17. Susan - "Panem et Circenses" translates as "Bread and Circuses" or "Bread and Games". It comes from the writer Juvenal. It is a Latin expression that means, in my own humble words, entertainment that is meant to distract from a more serious situation. If you want to know more, I’m guessing you can google the term and lots of info will pop up. And yes, it does become You versus Others. I’ve seen that too many times to know that that is just how it is. We are such a sad lot of people.

    Secretia – Isolation is the worst place for any human being to be. We all need that social connection in order to survive, don’t we? That’s how we’re built, I think.

    Steve – I would imagine that many do experience this feeling. It’s sad, to say the very least, that we can descend to such lowness when we witness someone else’s misfortune. And, as usual, Steveroni, you flatter me so!

    Steven – I think we can all relate to that, yeah? The smiles and casseroles are the decoration on top of that cake that is really made of mud. Too sad!

    Sir Thomas – I think that only Nadia can save herself from her doom. She’s in the depths of grief, and she will have to swim through it for a while. But eventually, I think she will emerge.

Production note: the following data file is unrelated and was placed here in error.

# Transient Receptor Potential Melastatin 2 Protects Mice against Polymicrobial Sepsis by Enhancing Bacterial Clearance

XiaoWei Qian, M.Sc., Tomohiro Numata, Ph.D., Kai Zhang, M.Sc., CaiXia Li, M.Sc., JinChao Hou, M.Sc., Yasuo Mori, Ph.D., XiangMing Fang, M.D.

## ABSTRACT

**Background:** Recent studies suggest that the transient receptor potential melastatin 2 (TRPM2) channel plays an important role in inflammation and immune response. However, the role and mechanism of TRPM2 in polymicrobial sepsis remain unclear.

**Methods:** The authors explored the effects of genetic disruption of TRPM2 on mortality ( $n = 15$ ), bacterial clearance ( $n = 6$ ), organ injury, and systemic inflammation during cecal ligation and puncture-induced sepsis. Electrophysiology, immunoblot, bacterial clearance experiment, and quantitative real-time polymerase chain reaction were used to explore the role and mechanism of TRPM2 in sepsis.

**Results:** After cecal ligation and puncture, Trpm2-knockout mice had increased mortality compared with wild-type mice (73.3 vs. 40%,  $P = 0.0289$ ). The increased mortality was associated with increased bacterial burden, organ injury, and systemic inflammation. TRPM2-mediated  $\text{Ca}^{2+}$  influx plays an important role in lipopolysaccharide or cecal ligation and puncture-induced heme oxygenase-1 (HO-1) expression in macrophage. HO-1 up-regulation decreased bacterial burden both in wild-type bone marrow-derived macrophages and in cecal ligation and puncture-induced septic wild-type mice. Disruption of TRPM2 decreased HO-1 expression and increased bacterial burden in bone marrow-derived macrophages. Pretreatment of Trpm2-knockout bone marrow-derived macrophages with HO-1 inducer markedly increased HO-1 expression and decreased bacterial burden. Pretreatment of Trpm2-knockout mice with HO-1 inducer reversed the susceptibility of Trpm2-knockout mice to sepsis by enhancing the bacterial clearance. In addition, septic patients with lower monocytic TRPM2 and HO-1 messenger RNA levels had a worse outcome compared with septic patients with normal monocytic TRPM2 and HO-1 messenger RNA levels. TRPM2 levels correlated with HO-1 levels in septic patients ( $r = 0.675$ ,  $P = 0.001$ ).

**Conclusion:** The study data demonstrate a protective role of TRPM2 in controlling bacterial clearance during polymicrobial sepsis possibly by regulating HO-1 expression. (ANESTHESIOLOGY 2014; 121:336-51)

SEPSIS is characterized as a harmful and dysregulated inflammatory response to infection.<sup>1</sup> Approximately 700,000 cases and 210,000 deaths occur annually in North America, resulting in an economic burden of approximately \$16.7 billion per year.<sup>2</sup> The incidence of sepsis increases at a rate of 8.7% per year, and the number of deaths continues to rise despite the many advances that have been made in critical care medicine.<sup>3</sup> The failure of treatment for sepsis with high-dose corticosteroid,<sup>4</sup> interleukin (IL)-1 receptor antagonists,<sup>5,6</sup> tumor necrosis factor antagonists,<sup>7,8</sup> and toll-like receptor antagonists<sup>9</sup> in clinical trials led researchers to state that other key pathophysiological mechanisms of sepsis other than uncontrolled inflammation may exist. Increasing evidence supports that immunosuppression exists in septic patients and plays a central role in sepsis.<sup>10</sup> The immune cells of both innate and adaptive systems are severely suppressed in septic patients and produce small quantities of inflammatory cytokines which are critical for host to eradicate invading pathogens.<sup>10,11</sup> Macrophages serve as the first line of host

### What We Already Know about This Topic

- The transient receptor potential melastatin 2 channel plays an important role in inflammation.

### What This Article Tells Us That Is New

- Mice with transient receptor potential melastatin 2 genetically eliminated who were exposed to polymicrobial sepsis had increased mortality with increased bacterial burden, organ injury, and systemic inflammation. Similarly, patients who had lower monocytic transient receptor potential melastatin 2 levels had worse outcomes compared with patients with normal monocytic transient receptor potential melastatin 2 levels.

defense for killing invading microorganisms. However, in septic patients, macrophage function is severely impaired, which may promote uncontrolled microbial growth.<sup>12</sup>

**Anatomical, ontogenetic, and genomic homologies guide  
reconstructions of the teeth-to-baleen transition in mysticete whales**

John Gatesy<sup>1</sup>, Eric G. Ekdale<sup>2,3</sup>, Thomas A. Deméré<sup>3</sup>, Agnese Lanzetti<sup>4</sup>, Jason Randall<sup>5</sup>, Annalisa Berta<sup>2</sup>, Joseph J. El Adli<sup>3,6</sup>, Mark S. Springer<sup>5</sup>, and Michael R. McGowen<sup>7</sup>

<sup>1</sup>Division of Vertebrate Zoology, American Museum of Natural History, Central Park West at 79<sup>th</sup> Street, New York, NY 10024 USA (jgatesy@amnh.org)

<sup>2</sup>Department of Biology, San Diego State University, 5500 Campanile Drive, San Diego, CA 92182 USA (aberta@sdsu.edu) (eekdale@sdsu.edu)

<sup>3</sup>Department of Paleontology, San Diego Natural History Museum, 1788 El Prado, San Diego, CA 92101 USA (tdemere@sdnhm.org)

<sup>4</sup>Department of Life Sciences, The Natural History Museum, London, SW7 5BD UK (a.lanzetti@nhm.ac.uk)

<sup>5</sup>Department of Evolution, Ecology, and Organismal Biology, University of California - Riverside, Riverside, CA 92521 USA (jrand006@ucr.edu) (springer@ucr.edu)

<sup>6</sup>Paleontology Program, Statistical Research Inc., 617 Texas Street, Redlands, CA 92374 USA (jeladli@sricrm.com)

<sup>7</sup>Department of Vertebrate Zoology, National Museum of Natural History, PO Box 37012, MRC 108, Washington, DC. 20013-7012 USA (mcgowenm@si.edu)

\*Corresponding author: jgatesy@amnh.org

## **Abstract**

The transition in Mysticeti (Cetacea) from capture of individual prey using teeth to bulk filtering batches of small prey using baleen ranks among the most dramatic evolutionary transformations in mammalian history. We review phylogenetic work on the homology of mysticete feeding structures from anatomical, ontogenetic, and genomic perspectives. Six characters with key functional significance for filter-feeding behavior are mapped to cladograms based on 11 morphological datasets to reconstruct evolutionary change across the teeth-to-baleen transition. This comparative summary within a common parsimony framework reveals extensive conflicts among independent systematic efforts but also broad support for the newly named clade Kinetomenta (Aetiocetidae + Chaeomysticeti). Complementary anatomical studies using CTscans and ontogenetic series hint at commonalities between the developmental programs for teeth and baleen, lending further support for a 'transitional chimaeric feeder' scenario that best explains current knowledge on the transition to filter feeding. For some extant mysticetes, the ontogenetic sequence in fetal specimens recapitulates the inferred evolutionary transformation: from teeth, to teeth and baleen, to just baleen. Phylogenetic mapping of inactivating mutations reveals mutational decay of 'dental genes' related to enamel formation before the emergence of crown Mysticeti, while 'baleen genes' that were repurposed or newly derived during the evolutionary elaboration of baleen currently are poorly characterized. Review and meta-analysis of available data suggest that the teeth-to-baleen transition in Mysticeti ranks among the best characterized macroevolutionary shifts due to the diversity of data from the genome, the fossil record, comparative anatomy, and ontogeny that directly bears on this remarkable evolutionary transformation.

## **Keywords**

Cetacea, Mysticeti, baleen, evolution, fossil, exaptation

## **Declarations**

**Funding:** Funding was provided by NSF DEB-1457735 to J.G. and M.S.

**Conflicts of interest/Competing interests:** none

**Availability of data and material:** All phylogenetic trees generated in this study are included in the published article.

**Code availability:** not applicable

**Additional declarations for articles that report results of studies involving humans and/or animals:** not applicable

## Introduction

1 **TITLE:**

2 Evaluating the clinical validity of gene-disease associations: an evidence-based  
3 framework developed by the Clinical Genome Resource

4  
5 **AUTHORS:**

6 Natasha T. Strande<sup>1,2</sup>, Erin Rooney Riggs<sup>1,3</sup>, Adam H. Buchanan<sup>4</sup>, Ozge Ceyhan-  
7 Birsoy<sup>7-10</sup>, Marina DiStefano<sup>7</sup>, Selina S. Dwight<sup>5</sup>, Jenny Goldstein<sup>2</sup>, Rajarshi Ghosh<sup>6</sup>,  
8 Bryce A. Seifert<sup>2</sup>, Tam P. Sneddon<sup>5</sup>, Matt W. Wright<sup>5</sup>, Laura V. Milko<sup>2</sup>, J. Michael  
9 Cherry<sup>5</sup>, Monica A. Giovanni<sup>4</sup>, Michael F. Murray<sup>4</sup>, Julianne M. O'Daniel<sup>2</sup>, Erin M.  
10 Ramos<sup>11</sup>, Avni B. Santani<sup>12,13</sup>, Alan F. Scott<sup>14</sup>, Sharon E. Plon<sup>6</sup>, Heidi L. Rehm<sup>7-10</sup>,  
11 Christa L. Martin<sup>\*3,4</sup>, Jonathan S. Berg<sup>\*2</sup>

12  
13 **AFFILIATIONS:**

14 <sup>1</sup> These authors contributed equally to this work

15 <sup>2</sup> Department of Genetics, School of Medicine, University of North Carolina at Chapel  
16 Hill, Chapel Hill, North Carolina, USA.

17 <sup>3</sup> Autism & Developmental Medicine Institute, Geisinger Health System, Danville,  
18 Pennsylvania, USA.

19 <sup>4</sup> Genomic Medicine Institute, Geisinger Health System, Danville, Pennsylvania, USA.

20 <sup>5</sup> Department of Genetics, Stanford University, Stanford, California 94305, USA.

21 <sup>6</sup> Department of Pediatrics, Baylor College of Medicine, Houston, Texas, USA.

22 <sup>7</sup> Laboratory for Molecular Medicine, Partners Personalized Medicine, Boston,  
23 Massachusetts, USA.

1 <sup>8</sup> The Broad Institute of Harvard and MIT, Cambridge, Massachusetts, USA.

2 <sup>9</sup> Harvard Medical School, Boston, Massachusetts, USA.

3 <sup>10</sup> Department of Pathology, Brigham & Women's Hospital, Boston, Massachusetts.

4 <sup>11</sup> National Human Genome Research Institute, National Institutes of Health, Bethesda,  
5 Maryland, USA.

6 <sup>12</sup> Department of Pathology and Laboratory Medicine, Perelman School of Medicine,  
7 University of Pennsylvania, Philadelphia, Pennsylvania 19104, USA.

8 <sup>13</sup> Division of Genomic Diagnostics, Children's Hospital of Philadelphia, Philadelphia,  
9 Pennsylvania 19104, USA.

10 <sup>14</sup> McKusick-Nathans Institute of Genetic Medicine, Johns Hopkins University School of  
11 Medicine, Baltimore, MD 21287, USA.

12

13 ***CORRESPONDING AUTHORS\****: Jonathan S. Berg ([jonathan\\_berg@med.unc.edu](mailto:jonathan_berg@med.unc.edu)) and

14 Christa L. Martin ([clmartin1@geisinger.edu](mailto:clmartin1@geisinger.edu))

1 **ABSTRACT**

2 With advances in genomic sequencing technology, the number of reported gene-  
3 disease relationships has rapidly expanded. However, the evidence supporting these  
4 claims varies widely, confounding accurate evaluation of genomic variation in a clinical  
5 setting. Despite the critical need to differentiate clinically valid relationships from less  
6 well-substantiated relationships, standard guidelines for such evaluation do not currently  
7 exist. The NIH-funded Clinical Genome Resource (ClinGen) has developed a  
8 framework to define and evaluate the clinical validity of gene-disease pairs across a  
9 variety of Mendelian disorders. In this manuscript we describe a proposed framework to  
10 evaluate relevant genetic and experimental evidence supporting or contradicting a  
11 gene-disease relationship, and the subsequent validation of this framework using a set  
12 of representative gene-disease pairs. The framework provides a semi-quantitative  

18. Martin – Why, thank you! I observe people closely, and I feel for them. And sometimes I see and feel too much. But sometimes my only offering of good will is to feel. And I think that the other person always identifies that, and appreciates it.

    LW – Ah, you get it! And you’re right about the reverse being true. And her backside? I can’t really see it, myself! ;-)

    Dulce – I’m so sorry, but I didn’t know your brother had passed away, and that you had gone through that traumatic experience. It’s too bad that this is a reality, and in fact the reality can be worse. I can relate to your feelings at the funeral, and afterwards. I can entirely relate, Dulce. This story is not only about widows. It’s about any woman or man who has ever lost someone dear. Somehow, this truth becomes a reality in their lives, whether on a small or large scale. I love you back, Sweetest!

    Jai – Grief has many colors besides black. The colors are all of the emotions you described, and I wrote about, and then some…